Content Warning: The following article contains mentions of death and violence.
The Princeton Committee on Palestine (PCP), a student activist group dedicated to raising awareness about Palestine, held a Nakba Day vigil on Sunday, May 15 for Shireen Abu Akleh, an Al Jazeera journalist who was shot and killed in the West Bank city of Jenin.
Al Jazeera has reported that Abu Akleh was killed by Israeli forces while on assignment as a reporter, citing witnesses and the Palestinian health ministry. Other sources, including the New York Times, have reported that the source of the fatal bullet has not yet been verified.
About 20 people gathered in front of Nassau Hall for the vigil at around 12 p.m. to mourn, observe a moment of silence, and offer calls to action. The vigil also commemorated the Nakba, an event held annually on May 15, which literally translates from Arabic to “disaster” or “cataclysm.” According to the Times, Nakba observes “the 1948 displacement of hundreds of thousands of Palestinians amid Israel’s declaration of independence.”
“Nakba is a memory of the struggles my father had as a young kid,” Princeton resident Sireen Sawalha, one of the attendees, told The Daily Princetonian.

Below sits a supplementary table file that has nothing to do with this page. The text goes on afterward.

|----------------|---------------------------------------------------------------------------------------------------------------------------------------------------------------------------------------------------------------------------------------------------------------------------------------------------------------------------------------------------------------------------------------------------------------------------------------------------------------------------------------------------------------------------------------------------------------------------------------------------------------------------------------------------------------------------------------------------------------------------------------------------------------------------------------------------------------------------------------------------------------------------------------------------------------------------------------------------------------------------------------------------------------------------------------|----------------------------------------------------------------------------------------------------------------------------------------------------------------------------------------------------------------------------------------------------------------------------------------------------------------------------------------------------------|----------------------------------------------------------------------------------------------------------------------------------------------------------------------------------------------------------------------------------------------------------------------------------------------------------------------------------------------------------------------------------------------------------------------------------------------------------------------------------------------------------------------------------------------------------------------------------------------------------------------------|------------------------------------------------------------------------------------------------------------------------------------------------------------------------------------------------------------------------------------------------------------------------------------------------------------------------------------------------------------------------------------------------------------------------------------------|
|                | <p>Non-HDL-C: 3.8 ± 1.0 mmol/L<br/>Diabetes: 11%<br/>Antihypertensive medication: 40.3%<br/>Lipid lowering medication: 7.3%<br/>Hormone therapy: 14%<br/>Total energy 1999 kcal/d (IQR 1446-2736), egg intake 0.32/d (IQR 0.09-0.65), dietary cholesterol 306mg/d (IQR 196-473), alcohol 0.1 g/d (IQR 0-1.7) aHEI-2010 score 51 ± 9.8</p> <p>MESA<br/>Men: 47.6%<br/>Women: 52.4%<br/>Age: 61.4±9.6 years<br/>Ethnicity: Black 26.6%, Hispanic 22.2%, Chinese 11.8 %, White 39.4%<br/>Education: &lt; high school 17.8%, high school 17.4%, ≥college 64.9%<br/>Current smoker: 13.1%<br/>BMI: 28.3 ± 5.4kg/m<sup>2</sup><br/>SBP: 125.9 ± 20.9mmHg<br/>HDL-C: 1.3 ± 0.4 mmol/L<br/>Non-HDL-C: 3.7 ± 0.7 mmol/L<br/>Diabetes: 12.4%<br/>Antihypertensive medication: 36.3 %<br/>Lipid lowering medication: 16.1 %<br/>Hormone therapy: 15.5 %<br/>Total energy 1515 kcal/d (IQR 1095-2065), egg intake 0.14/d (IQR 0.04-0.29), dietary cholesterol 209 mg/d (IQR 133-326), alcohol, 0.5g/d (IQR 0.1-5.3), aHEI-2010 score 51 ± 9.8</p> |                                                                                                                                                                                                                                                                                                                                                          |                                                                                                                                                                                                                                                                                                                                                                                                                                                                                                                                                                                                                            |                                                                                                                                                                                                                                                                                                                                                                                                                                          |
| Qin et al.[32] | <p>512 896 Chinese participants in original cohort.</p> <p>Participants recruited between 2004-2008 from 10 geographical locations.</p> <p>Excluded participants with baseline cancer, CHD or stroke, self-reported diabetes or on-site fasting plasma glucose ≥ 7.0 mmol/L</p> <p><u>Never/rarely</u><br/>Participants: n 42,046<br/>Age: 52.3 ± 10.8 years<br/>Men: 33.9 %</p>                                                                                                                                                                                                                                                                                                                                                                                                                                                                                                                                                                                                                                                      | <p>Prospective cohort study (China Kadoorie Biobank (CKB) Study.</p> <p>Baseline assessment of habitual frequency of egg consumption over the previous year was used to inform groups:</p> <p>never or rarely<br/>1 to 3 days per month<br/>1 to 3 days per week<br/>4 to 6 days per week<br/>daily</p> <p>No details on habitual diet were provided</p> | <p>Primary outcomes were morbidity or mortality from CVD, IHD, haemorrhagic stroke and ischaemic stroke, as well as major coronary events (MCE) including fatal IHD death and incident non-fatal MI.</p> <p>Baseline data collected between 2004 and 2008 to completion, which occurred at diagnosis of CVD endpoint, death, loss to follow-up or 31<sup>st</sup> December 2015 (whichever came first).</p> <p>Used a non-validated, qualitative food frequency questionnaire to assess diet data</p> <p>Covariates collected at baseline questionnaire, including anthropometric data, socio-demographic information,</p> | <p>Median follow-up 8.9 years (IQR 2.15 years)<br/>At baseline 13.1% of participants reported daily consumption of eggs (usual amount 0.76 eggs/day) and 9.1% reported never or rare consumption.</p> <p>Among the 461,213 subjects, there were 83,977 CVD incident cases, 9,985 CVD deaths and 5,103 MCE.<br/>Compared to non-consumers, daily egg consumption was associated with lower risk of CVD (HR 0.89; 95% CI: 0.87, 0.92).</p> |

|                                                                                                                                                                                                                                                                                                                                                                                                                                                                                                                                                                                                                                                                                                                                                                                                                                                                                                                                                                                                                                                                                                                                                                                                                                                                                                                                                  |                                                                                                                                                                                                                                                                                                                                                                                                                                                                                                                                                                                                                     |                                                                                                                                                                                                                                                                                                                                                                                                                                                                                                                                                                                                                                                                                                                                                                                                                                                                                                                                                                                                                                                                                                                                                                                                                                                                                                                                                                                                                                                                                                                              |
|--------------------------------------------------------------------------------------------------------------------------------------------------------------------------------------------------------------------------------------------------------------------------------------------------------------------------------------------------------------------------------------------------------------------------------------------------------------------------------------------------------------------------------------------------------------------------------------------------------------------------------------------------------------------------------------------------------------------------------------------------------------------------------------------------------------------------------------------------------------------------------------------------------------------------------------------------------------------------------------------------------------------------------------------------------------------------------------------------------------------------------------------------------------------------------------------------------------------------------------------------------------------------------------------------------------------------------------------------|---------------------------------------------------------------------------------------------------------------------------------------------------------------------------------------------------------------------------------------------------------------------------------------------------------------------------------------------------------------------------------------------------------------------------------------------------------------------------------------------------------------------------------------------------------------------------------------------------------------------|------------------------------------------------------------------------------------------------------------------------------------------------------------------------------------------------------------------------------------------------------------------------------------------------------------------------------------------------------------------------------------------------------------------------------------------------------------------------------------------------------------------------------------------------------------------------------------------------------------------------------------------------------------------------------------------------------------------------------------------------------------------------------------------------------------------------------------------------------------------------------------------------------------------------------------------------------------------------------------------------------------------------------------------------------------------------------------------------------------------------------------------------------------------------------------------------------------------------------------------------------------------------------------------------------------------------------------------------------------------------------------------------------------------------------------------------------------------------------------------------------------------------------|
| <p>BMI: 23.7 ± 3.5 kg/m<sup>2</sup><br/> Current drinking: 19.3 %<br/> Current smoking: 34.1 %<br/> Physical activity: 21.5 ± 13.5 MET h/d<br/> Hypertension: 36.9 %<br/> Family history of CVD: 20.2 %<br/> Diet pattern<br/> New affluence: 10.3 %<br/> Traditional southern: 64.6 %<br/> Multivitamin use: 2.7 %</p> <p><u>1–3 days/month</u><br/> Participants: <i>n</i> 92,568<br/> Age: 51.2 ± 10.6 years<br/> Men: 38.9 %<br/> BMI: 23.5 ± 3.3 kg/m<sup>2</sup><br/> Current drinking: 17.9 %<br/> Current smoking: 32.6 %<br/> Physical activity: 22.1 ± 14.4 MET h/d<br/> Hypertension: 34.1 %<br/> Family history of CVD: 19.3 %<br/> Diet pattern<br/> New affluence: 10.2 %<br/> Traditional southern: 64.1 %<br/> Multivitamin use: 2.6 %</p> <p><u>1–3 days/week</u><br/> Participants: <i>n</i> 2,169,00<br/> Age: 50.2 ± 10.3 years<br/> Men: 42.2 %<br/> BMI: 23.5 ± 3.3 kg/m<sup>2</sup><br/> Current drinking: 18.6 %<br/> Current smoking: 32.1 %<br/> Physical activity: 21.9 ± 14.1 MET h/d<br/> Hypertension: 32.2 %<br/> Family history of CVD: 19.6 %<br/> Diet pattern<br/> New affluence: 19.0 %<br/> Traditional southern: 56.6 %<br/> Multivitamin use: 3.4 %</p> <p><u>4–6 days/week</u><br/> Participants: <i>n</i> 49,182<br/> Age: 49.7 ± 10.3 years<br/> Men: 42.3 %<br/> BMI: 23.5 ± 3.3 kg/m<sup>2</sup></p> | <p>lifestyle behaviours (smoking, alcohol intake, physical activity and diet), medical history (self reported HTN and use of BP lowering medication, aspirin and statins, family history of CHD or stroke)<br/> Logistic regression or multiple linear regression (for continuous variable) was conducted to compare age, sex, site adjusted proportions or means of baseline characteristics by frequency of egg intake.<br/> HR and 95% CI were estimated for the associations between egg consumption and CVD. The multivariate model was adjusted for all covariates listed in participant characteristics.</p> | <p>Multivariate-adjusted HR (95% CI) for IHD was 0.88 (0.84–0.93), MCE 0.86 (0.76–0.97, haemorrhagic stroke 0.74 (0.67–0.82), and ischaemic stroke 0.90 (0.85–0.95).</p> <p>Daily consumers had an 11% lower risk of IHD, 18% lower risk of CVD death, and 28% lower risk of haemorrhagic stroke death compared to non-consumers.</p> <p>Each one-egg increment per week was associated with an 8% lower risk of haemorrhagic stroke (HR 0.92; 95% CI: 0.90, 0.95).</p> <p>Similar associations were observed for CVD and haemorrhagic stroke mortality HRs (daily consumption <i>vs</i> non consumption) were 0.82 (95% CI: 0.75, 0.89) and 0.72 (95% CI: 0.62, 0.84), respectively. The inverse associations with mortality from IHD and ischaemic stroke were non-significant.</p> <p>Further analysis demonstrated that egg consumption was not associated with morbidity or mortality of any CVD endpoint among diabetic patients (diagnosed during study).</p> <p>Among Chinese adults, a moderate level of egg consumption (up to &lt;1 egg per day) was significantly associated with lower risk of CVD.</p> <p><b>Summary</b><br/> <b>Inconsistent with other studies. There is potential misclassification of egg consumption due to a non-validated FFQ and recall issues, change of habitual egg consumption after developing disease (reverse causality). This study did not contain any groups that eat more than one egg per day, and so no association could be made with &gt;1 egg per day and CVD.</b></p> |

Organizers held a Palestinian flag and several wore keffiyehs, an embroidered shawl which has “become a form of resistance,” PCP president Eric Periman ’23 told those gathered.
The Jerusalem police chief ordered confiscation of the Palestinian flag at Abu Akleh’s funeral procession, which was held on May 13, according to Haaretz. (Israeli police have ordered the flag’s confiscation in the past, but an Israeli court ruled in September 2021 that flying Palestinian flags is not illegal.) Abu Akleh’s funeral became the site of violence and drew international headlines as video surfaced of Israeli police beating pallbearers and mourners.
Abu Akleh, who was 51 at the time of her death, was renowned and respected as a journalistic voice in the region. Reporting by the Times referred to Abu Akleh as an “acclaimed Palestinian American broadcaster” and “one of the leading chroniclers of the Israeli-Palestinian conflict.”
Periman, wearing a “Free Palestine” sweatshirt under his keffiyeh, addressed the group, characterizing the killing of Abu Akleh as “an intentional murder.” Following a moment of silence for Abu Akleh, Periman invited community members to speak.
“What gives me hope is people like you, people who come out and speak for the other side,” one middle-aged vigil-goer said to the group. “There is hope from the younger generation. The older generation is kind of resigned.” (The ‘Prince’ was unable to determine the identity of this person.)
“The world should be fair for everyone, but unfortunately is not fair for Palestinians,” she continued.
Sawalha held a sign with the last picture she ever took of her brother, Iyad Sawalha, which also showed the years of his birth and death, 1974–2002. Sawalha told the ‘Prince’ in an interview that her brother was 15 years old when he was first arrested. She said that he was following the example of those around him, participating in marches, throwing rocks, and “defending their rights, defending their families.”